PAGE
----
01305 262735 for full details and event bookings.

Copper ingot donated to Amlwch museum

AN ANCIENT copper ingot is being donated to a museum by a member of the family who found it.

The relic was made from copper ore dug out of the Parys Mountain mine around 2,000 years ago.

The ingot was found by the Fanning-Evans family who ran the Mona Mine in the mid-to-late 1800s.

Thomas Fanning Evans lived in Amlwch and he was the first metal mine’s inspector in North Wales, he was also a J.P., High Sheriff, and shipowner.

Anne Brennan, of Dwyran, is a distant relative of the family and has donated most of the family heirlooms to various museums.

Hope is the secretary of the Amlwch Industrial Heritage Trust and said
the gift was ‘priceless’ to the town in historical terms.

“It’s something like a very thick copper lens about 12-13 inches in diametre and three inches thick,” said Mr Hope.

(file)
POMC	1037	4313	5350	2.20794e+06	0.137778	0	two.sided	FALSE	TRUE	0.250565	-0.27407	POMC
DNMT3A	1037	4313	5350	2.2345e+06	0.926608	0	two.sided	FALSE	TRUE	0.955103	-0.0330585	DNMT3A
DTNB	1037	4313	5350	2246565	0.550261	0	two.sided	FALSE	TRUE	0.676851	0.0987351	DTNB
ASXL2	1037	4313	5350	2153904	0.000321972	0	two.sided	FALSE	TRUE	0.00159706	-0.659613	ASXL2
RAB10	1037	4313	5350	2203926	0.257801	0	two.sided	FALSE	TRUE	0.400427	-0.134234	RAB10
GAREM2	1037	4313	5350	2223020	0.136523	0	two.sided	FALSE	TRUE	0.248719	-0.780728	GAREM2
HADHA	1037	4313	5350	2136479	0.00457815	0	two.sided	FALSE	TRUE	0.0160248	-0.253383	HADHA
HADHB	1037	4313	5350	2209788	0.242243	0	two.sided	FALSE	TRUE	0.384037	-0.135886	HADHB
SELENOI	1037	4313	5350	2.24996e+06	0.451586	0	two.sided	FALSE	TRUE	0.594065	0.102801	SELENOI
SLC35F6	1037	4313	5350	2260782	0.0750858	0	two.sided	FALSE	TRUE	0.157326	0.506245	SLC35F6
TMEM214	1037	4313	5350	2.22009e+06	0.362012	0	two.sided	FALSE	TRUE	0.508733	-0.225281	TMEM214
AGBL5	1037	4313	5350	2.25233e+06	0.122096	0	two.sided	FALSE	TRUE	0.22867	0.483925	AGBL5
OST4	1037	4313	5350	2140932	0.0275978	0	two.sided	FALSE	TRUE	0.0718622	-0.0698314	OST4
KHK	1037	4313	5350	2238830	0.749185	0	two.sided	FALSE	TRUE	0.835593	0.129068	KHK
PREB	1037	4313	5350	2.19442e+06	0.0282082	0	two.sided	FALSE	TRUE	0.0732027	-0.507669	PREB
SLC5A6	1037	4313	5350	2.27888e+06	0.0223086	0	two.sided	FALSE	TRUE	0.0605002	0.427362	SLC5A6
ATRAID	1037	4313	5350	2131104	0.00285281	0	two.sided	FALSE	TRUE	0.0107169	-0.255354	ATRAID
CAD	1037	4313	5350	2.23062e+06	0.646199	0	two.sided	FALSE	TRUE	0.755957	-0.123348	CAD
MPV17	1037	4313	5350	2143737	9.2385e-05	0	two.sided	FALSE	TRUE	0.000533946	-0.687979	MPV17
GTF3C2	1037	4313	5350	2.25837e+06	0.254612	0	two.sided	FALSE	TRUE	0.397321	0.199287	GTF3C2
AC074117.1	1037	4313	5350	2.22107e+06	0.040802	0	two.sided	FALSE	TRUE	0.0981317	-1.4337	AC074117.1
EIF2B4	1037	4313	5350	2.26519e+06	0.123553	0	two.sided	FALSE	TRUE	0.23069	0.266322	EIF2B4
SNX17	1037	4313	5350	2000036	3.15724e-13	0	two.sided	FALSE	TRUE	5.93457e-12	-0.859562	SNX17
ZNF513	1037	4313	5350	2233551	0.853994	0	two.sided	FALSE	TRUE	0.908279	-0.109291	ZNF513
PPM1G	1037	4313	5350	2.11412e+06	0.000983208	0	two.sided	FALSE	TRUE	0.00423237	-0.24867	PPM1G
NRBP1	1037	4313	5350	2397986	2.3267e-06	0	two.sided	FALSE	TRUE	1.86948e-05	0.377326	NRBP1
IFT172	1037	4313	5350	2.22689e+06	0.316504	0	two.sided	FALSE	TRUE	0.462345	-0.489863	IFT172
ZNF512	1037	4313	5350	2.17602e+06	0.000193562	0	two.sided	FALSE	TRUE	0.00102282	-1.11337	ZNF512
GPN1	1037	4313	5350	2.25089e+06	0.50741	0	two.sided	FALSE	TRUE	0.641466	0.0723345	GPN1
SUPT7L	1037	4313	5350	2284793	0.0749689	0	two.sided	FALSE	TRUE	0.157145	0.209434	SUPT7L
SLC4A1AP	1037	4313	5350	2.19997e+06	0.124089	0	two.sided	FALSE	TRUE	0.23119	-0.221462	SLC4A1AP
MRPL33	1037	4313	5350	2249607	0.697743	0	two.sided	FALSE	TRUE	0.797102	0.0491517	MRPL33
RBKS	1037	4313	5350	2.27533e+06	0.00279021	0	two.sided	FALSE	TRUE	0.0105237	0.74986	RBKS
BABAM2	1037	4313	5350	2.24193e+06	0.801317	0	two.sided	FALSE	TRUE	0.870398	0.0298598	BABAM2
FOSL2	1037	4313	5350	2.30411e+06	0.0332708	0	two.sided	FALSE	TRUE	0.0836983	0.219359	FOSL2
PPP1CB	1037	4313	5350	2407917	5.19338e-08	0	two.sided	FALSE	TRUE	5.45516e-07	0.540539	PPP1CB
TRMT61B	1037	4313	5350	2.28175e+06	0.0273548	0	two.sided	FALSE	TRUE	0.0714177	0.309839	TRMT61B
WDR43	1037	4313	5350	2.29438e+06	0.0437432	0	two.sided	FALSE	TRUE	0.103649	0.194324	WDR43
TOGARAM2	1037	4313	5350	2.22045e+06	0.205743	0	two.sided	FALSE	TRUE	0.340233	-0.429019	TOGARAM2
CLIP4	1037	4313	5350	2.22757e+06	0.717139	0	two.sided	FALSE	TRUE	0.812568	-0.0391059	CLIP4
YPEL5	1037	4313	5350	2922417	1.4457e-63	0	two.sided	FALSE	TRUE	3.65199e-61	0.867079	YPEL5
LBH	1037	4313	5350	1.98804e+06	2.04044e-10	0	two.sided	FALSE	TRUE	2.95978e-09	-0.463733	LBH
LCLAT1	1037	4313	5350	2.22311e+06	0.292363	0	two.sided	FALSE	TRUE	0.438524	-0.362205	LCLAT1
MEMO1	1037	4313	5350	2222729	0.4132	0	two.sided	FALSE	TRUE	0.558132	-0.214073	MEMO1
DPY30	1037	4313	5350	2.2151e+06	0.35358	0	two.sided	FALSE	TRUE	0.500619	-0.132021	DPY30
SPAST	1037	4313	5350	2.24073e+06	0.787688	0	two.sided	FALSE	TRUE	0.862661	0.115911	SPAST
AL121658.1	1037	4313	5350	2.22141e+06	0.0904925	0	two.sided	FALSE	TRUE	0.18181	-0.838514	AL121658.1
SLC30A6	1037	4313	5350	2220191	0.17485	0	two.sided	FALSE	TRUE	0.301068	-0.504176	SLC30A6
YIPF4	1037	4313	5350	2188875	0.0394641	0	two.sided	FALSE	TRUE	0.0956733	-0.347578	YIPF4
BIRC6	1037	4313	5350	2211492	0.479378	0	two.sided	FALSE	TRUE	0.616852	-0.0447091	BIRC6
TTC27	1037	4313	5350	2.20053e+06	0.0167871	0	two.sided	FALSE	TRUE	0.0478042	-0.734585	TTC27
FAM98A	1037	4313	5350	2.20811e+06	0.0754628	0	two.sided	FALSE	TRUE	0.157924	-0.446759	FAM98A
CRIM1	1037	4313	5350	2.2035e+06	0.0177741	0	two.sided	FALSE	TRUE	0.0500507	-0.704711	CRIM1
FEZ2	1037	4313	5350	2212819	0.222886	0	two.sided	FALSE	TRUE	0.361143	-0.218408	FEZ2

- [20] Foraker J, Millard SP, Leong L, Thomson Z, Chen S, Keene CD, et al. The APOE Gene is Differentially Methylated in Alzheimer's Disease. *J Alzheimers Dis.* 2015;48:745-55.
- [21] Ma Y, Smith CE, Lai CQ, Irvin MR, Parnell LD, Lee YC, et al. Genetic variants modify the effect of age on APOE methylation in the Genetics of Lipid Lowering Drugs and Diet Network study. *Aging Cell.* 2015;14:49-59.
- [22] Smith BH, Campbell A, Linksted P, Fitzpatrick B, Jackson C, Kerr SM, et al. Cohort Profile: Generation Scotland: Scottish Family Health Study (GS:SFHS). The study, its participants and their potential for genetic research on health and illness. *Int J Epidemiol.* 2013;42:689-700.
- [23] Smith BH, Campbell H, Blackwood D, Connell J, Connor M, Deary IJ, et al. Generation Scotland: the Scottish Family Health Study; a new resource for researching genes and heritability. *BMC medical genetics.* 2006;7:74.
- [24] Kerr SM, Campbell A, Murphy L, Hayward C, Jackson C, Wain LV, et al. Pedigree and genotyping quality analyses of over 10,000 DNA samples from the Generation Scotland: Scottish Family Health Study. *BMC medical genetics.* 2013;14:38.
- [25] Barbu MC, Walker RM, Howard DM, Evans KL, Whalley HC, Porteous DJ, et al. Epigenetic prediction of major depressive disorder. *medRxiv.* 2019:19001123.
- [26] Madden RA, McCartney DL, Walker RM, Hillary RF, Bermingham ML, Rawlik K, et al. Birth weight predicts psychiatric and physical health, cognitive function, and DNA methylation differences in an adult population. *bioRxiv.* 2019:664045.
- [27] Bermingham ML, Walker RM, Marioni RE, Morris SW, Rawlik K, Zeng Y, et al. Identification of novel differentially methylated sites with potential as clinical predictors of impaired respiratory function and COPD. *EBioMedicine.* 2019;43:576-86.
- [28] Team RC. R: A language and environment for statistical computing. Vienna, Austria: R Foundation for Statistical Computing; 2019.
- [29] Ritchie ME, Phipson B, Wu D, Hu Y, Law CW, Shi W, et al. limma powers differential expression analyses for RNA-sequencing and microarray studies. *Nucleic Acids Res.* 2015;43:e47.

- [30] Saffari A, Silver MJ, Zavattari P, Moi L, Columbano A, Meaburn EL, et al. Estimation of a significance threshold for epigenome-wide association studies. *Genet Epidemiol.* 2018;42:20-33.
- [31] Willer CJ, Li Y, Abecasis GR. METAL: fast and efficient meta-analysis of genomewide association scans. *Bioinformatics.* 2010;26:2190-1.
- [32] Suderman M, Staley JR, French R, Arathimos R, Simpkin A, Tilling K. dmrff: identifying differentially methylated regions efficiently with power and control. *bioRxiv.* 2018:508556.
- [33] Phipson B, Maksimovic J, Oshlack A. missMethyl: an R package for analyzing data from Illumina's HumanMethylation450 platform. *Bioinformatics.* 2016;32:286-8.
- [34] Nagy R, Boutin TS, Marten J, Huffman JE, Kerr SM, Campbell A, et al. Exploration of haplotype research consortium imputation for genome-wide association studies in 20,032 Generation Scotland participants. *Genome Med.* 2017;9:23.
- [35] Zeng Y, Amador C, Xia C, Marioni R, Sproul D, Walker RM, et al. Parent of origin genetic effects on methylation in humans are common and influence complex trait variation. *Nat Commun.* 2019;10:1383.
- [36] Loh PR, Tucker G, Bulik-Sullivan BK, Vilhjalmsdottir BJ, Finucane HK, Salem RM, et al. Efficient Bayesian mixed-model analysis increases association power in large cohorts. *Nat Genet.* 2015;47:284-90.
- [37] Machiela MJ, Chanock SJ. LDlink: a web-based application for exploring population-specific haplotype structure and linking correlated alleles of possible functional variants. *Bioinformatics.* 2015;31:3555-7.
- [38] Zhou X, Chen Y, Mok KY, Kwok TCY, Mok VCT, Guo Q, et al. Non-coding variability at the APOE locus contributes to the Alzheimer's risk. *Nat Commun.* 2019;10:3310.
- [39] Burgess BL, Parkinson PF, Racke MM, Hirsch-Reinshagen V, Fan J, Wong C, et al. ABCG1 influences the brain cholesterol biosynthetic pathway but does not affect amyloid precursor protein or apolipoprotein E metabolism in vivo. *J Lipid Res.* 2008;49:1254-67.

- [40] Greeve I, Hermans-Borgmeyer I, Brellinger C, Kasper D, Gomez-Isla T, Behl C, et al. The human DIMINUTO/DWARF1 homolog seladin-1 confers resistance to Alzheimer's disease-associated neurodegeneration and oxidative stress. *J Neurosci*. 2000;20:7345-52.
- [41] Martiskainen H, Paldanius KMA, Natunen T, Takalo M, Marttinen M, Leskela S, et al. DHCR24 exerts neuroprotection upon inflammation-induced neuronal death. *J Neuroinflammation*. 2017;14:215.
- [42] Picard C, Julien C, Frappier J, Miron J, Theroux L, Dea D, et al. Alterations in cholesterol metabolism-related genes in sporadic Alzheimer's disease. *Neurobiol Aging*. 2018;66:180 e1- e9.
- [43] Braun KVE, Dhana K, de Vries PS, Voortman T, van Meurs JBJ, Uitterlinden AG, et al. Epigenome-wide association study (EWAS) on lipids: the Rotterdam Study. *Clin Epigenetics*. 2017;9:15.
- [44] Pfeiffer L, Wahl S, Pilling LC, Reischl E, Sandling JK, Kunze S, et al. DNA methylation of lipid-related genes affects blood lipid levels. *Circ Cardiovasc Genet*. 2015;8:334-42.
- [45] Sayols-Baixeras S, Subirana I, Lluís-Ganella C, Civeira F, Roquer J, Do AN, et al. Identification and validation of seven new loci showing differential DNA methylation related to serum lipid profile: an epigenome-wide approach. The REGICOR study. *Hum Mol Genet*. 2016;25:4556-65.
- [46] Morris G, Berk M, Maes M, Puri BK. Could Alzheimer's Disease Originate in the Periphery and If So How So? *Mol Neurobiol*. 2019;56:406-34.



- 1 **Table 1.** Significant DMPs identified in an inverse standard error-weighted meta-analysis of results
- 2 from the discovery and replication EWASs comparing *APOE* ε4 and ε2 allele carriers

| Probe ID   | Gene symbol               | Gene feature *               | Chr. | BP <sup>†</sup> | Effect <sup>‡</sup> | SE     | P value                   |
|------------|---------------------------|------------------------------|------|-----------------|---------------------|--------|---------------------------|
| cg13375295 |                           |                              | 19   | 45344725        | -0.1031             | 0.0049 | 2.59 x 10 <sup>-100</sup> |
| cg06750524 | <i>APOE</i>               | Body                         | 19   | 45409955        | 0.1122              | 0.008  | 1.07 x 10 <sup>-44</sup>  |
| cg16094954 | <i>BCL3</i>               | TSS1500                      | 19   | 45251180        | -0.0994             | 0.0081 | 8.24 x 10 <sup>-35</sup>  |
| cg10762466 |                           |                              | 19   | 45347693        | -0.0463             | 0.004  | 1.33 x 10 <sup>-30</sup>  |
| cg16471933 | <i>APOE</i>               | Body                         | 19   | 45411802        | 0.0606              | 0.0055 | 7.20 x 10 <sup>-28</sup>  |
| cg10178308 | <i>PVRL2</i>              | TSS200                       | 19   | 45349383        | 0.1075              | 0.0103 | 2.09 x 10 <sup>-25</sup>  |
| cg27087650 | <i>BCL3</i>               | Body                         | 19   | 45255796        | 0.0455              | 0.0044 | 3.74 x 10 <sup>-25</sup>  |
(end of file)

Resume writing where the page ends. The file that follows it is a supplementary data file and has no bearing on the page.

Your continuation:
“It’s reminiscent of the way that the Romans cast their ingots when they occupied Britain,” he said.

“Three were found in the late 1800s and this one has been returned to Amlwch from the family of Mrs Brennan.

“Previous ones had borne Roman letters stamped on them but this one doesn’t have a stamp at all.

looks like a black mass and is quite interesting. It would have come
from the bottom of a furnace and formed this ‘cake’ shape that’s
like a lens.

“Then they would have been taken back to Rome to make arms and the short daggers that the Romans used,” he said.

The “bun ingot” will be officially donated to the trust on Monday at the Old Sail Loft in Amlwch Port.

Mrs Brennan said: “It should be in a museum. It’s very heavy and I’ve given the thing to them.”

Edinburgh Roman fort to be opened to pubic

Roman fort will be centrepiece of new tourist attraction

August 2008
By Brian Ferguson ONE of Britain’s most important Roman sites – the remains of a fort on the outskirts of Edinburgh – will be opened up permanently to the public within months, The Scotsman has learned.
An excavation has exposed what is left of the ancient building for the first time since in more than 50 years.

Work carried out over the last few days in the shadow of Cramond Kirk has opened up the remains of the fort, which dates back to 142AD,